Comcast has been steadily rolling out its Xfinity TV software, which allows subscribers to watch shows on different devices and over the Web. Comcast will likely try to use that to make more money from the games.
Networks also have been increasing the amount of video ads accompanying online shows.
Analysts believe Comcast has plenty of time and the right combination of channels, websites and subscribers to start cutting its losses in 2014.
Comcast CEO Brian Roberts said he's confident the games will be profitable, helped by new technology and the long-term nature of the deal.
Even for a company that made $3.6 billion in net income last year, losing $200 million every few years is not a strategy for success.
The intangible value it gets for promoting NBC shows may have been a deciding factor in its bid.
NBC, for instance, can use the Summer Games to promote promising new dramas or comedies on its fall lineups. That's similar to the way CBS launched its reality show "Undercover Boss" to audiences immediately after the Super Bowl last year.
There's no good estimate on how much NBC shows might benefit from the promotional boost.
Its competitors had less reason to seek it out.
Almost every U.S. home already has The Walt Disney Co.'s ESPN. It's the market leader in getting fees from cable, satellite and other TV service providers.
The boost to Disney's ABC network wasn't deemed enough to justify paying more, according to a person with knowledge of the bid. The person spoke on condition of anonymity because the network was not releasing details of the proposal.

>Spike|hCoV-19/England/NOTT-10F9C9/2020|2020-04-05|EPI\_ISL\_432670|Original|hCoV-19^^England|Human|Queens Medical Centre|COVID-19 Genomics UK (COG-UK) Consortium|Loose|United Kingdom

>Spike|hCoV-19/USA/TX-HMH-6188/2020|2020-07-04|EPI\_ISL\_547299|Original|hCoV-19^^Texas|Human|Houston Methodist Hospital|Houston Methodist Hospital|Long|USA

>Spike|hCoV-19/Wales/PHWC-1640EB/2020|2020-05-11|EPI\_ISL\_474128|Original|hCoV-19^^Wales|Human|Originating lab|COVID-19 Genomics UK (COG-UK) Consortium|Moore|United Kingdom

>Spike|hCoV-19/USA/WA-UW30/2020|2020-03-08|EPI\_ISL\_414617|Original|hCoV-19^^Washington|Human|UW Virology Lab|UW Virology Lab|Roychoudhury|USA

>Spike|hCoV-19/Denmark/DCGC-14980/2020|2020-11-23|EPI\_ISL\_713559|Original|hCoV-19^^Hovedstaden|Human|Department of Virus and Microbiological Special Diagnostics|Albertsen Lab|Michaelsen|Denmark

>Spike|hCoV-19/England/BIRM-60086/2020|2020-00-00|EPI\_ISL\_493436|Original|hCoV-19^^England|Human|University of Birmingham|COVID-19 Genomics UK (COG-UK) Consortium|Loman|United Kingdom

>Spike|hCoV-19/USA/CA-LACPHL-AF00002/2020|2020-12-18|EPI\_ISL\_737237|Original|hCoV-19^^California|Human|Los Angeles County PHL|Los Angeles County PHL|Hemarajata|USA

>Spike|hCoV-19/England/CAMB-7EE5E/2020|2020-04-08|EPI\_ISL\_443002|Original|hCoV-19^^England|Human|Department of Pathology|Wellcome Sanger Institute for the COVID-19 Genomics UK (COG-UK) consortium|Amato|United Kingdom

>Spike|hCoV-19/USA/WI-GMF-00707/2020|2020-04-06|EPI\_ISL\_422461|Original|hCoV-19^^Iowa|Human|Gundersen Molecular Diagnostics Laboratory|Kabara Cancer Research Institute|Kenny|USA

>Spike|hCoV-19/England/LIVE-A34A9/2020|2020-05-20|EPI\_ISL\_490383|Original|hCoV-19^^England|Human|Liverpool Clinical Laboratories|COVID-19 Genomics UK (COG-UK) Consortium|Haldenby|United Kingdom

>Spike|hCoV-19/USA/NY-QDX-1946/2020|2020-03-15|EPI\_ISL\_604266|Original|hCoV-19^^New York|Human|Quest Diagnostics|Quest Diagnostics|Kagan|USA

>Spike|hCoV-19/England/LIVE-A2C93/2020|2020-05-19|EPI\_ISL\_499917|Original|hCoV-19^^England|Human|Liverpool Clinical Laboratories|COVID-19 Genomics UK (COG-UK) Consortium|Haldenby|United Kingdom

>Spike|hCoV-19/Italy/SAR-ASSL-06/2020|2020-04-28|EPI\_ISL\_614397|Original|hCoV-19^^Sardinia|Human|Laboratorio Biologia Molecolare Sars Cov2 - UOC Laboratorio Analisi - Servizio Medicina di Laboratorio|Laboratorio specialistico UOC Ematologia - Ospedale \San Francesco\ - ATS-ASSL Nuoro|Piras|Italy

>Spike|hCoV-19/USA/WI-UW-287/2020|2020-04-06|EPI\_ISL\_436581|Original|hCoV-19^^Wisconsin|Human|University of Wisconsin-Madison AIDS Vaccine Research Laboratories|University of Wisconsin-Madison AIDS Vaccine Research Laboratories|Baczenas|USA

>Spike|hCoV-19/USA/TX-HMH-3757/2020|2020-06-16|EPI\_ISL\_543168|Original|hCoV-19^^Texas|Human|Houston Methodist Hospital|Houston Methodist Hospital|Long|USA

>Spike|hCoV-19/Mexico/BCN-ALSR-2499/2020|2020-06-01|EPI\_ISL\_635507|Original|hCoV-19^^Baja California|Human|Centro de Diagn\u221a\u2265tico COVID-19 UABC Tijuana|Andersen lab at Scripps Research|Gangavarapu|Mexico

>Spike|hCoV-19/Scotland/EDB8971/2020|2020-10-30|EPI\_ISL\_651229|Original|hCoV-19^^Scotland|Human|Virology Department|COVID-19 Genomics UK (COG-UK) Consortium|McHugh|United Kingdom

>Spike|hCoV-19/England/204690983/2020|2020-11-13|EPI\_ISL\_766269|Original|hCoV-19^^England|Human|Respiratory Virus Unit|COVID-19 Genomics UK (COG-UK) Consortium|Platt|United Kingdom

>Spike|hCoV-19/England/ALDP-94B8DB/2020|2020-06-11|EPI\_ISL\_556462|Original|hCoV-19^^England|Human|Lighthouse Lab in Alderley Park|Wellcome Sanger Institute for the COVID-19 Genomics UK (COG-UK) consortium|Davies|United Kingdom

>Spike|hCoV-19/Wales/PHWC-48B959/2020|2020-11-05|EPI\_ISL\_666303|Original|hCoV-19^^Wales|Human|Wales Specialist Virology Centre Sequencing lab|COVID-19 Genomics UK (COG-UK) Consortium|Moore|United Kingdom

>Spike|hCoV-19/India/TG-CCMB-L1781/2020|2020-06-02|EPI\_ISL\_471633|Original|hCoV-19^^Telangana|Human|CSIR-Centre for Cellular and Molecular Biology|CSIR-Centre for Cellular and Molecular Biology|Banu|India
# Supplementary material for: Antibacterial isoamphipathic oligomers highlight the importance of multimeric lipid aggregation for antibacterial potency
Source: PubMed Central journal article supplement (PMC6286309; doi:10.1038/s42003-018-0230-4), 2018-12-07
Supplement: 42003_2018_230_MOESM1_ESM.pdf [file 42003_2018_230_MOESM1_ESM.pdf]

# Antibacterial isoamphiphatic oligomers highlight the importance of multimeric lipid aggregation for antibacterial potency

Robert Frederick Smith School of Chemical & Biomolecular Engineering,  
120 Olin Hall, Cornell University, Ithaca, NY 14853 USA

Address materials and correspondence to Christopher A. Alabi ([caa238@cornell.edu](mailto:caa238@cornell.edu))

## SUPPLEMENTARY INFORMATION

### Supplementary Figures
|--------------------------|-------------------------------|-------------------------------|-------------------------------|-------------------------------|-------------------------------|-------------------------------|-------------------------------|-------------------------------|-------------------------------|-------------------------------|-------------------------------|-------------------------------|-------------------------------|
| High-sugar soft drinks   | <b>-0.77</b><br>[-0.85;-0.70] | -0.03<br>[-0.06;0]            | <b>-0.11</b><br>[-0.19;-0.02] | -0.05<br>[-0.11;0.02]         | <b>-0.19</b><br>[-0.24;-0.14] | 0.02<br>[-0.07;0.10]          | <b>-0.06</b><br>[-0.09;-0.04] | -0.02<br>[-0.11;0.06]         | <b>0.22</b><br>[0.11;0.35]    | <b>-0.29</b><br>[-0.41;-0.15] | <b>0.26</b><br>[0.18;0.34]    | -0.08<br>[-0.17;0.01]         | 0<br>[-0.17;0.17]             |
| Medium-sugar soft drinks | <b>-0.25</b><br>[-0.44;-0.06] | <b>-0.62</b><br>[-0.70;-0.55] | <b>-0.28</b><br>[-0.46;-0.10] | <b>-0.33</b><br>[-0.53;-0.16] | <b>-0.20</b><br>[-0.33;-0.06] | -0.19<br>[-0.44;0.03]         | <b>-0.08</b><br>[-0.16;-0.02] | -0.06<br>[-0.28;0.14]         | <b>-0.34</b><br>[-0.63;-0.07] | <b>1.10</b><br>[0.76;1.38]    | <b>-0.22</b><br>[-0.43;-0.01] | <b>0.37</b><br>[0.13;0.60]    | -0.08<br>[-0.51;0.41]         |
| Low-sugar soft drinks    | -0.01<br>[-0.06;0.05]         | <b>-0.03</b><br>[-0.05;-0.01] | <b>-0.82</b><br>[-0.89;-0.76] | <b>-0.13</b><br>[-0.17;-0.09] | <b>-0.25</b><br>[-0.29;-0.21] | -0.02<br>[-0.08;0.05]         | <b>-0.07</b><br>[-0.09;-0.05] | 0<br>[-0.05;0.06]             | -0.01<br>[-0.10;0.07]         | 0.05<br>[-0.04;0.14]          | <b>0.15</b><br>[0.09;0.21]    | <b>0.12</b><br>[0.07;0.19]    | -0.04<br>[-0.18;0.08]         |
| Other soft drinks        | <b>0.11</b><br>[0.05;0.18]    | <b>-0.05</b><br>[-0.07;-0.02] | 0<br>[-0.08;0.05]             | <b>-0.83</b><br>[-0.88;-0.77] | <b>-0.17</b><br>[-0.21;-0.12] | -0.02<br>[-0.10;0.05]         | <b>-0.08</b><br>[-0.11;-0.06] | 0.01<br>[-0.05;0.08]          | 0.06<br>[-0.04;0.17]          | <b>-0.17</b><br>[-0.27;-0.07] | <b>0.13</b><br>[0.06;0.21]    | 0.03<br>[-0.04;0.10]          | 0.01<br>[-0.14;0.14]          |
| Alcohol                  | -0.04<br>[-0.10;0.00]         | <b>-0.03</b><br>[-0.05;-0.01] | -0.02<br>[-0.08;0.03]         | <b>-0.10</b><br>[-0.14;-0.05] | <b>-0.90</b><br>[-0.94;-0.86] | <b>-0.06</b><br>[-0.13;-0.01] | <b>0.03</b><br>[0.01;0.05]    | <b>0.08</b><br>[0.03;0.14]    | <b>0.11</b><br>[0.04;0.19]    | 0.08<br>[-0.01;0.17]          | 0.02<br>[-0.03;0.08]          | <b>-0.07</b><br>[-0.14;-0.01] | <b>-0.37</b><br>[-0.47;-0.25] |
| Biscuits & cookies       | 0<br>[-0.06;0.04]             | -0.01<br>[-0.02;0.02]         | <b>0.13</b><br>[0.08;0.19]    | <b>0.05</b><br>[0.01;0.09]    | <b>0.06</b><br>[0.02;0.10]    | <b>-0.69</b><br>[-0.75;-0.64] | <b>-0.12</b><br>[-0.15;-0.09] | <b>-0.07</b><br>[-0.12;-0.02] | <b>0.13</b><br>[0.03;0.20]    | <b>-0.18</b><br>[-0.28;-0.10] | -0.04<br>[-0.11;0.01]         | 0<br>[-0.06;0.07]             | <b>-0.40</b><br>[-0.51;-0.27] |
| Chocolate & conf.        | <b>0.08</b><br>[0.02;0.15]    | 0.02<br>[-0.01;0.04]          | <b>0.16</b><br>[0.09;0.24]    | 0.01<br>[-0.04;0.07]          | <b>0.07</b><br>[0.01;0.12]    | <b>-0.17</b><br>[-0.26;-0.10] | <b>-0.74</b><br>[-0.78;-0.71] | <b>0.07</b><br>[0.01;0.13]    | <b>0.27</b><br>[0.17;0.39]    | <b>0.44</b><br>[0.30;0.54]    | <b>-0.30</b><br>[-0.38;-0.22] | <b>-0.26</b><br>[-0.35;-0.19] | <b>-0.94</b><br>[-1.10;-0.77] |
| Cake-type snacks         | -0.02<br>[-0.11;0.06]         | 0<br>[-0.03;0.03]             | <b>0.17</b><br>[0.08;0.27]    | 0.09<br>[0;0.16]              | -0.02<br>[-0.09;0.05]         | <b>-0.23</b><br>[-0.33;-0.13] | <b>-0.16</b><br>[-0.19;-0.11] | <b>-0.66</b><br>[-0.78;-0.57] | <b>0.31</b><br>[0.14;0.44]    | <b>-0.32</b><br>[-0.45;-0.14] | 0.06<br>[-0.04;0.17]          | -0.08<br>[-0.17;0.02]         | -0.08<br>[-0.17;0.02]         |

News Corp.'s Fox, meanwhile, is already the leader in attracting viewers aged 18 to 49 — the group most sought by advertisers. That's partly because of its enduring hit, "American Idol."
Ahead of its takeover, Comcast promised government regulators that it would invest to rebuild NBC. Carrying the Olympics fits with that strategy.
"The Olympics are a ratings builder for all other TV shows," said sports agent Brant Feldman, managing partner of American Group Management. "NBC is a fourth-place network right now, but if you assume the programming is going to get better in the future, then the Olympics can be a jumping board to all that other viewership."
AP National Writer Eddie Pells in Denver and Sports Writer Rachel Cohen in New York contributed to this report.
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